The Federal Reserve, according to reports, has decided that big U.S. banks will have to comply with an emerging new global rule on capital. It’s a move the banks have fought, arguing that it will increase their costs and discourage lending.

If they are about to lose this argument, that’s good news. The new rule isn’t too demanding. It’s not demanding enough.

Under the proposed new Basel framework, all banks will have to raise more capital than before: a minimum 4.5 percent of risk-weighted assets (plus a 2.5 percent capital conservation buffer), against 2 percent previously. In addition, eight U.S. banks, and 21 others elsewhere, have been deemed systemically important -- meaning that their failure would threaten the wider financial system. They might have to raise as much as an extra 2.5 percent.

This is too strict, say the banks. Capital in the form of equity is expensive to raise, they say, so requiring more of it will make lending less profitable and shrink the supply of credit. Governments really ought to make up their minds, say the banks. With economies still weak, regulators should be encouraging new lending -- and here they are, about to do the opposite.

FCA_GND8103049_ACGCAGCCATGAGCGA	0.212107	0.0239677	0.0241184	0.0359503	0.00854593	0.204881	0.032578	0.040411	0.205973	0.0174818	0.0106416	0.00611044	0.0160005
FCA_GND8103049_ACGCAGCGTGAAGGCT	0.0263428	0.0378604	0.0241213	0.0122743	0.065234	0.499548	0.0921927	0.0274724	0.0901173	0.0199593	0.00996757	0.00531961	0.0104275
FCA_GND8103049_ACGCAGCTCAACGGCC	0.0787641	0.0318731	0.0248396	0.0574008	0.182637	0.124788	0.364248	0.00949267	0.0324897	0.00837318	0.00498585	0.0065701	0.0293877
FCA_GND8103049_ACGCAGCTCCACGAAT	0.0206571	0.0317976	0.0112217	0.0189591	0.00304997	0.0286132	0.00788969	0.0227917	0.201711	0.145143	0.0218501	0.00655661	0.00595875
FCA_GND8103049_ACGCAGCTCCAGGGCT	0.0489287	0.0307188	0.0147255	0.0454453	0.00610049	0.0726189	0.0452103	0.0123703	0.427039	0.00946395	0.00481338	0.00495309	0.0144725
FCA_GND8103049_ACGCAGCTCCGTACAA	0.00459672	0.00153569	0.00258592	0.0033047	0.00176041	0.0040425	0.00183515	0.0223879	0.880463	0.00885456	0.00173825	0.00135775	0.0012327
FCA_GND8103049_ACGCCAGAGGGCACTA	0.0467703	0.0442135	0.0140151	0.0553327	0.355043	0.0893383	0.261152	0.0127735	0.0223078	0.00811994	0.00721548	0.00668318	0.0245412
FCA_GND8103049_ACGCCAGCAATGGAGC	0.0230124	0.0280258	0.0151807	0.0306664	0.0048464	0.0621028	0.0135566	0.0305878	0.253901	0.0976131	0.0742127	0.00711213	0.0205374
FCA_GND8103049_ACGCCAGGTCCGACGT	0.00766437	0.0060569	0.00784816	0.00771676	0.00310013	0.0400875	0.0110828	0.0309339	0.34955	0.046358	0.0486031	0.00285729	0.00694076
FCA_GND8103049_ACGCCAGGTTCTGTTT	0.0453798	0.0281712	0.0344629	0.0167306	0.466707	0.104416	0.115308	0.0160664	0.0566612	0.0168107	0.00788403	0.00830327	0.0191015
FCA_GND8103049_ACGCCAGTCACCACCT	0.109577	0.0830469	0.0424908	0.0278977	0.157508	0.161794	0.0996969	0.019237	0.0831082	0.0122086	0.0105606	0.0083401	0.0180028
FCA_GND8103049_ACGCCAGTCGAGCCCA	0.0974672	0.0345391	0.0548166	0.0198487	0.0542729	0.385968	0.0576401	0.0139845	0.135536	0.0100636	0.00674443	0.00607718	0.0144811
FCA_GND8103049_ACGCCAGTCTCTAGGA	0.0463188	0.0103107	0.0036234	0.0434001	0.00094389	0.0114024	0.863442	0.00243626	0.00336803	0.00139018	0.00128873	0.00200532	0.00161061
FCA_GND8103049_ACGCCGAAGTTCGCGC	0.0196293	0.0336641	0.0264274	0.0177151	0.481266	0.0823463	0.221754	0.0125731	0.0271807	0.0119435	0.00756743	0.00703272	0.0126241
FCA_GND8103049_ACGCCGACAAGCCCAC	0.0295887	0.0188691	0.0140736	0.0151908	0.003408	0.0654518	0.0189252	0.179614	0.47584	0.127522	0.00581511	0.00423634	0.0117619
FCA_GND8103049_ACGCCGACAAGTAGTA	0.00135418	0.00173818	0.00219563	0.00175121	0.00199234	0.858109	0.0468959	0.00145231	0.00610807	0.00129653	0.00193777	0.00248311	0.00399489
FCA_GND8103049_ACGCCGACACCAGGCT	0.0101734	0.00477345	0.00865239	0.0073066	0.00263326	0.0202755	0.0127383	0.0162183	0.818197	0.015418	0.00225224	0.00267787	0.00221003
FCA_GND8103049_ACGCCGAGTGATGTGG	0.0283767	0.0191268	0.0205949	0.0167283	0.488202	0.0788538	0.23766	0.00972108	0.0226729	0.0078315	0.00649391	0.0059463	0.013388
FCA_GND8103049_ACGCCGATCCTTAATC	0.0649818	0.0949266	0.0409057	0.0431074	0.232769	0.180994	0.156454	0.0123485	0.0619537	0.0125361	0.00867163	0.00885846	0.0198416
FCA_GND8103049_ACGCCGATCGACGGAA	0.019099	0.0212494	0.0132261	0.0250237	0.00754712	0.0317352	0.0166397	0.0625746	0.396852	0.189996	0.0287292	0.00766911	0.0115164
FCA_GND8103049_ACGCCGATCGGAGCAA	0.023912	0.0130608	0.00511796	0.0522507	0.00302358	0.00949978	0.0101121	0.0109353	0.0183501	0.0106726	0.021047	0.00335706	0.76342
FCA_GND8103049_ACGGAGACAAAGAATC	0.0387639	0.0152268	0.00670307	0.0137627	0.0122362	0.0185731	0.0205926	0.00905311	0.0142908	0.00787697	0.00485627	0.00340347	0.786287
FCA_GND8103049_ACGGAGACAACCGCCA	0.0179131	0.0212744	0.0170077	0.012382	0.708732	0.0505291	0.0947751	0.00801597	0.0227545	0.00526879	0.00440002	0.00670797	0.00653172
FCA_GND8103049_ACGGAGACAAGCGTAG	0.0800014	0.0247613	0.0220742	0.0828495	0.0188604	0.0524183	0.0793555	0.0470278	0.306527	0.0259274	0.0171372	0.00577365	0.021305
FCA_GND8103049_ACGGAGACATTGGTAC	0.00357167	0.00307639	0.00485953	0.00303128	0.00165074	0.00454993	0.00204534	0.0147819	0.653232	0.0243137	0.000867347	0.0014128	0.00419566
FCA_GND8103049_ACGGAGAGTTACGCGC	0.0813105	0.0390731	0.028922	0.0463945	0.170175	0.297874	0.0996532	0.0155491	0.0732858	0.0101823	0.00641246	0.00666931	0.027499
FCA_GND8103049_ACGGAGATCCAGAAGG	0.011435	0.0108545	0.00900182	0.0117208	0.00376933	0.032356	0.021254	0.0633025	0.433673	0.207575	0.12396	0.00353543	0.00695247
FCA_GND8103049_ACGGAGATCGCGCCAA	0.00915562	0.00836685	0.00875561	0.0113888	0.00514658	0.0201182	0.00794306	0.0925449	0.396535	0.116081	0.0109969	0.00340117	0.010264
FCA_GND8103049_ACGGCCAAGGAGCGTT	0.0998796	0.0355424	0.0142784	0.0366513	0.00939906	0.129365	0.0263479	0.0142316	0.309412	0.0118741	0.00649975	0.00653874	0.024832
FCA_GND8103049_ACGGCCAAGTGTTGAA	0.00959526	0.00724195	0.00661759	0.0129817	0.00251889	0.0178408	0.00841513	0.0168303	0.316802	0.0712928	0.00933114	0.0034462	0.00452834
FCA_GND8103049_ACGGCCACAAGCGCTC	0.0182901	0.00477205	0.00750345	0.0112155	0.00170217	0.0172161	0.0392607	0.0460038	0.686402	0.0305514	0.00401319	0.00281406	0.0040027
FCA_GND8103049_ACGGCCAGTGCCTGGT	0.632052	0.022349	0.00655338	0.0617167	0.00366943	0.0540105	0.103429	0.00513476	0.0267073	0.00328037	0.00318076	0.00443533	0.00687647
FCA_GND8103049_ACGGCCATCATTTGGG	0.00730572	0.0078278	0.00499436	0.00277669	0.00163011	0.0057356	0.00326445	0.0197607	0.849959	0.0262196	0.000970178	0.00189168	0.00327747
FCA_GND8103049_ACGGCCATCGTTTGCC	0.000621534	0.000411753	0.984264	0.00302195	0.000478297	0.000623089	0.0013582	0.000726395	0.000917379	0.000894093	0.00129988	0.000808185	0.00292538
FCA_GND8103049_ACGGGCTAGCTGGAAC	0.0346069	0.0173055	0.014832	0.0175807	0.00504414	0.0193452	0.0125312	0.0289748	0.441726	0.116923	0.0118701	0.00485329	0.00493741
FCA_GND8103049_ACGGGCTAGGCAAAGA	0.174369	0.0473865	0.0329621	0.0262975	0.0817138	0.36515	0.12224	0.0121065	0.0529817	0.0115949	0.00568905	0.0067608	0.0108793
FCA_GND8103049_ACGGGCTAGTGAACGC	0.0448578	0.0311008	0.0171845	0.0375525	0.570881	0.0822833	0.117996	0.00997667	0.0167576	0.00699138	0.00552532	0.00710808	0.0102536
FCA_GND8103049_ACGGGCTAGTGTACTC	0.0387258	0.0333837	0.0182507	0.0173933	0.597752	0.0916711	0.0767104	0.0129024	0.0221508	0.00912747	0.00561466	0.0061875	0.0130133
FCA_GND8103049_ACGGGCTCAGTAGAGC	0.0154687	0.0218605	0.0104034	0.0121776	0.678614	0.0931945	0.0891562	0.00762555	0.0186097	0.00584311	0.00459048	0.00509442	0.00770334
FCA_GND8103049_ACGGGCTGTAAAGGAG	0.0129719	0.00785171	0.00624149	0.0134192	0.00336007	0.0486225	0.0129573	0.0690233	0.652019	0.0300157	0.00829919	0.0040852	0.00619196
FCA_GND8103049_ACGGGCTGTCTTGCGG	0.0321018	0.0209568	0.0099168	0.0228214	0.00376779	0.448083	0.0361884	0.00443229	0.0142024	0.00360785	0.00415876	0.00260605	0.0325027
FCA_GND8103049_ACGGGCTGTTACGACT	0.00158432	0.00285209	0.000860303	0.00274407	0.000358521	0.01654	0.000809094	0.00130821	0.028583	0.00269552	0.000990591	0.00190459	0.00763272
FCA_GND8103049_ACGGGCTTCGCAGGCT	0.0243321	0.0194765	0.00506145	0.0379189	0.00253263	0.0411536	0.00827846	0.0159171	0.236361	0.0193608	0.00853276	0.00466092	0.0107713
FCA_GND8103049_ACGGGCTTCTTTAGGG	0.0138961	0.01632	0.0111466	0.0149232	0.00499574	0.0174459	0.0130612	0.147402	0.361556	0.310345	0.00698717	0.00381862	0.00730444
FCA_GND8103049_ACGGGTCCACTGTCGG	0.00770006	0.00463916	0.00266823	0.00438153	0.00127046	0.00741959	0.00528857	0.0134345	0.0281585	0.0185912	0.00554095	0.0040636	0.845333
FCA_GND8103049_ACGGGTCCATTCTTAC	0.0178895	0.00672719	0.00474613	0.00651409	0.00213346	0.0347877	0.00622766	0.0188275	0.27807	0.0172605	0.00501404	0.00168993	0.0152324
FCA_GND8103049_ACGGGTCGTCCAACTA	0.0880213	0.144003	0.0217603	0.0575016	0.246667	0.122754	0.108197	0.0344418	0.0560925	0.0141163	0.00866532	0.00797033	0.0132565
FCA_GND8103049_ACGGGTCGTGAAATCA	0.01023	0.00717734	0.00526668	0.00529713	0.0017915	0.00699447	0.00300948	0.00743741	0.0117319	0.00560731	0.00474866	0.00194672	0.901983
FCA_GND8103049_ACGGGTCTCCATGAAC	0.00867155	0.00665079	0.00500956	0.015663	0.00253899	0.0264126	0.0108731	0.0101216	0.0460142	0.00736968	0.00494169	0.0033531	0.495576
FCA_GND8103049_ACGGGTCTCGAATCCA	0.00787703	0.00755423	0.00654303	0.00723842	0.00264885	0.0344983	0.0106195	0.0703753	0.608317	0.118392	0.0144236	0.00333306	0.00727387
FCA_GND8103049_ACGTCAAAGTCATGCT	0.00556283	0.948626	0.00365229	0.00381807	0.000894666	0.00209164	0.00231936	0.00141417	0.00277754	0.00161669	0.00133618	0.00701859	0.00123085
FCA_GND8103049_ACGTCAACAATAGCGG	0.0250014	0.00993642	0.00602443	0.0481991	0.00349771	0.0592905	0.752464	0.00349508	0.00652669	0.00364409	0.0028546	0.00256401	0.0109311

The banks’ case is superficially plausible thanks to a popular fallacy: the idea that equity sits idle and unused on a bank’s balance sheet as a kind of overhead. In fact, equity is just another source of funds. The proceeds from a sale of equity can be lent out or applied to other purposes just as readily as proceeds from, say, taking a deposit.

Equity’s Advantage

The all-important difference is that equity can absorb losses, whereas deposits have to be repaid in full. Thanks to that loss-absorbing capacity, the more equity a bank has, the less likely it is to fail. Selling additional equity does not constrain the amounts of other funds it can access or the amount of lending it can do.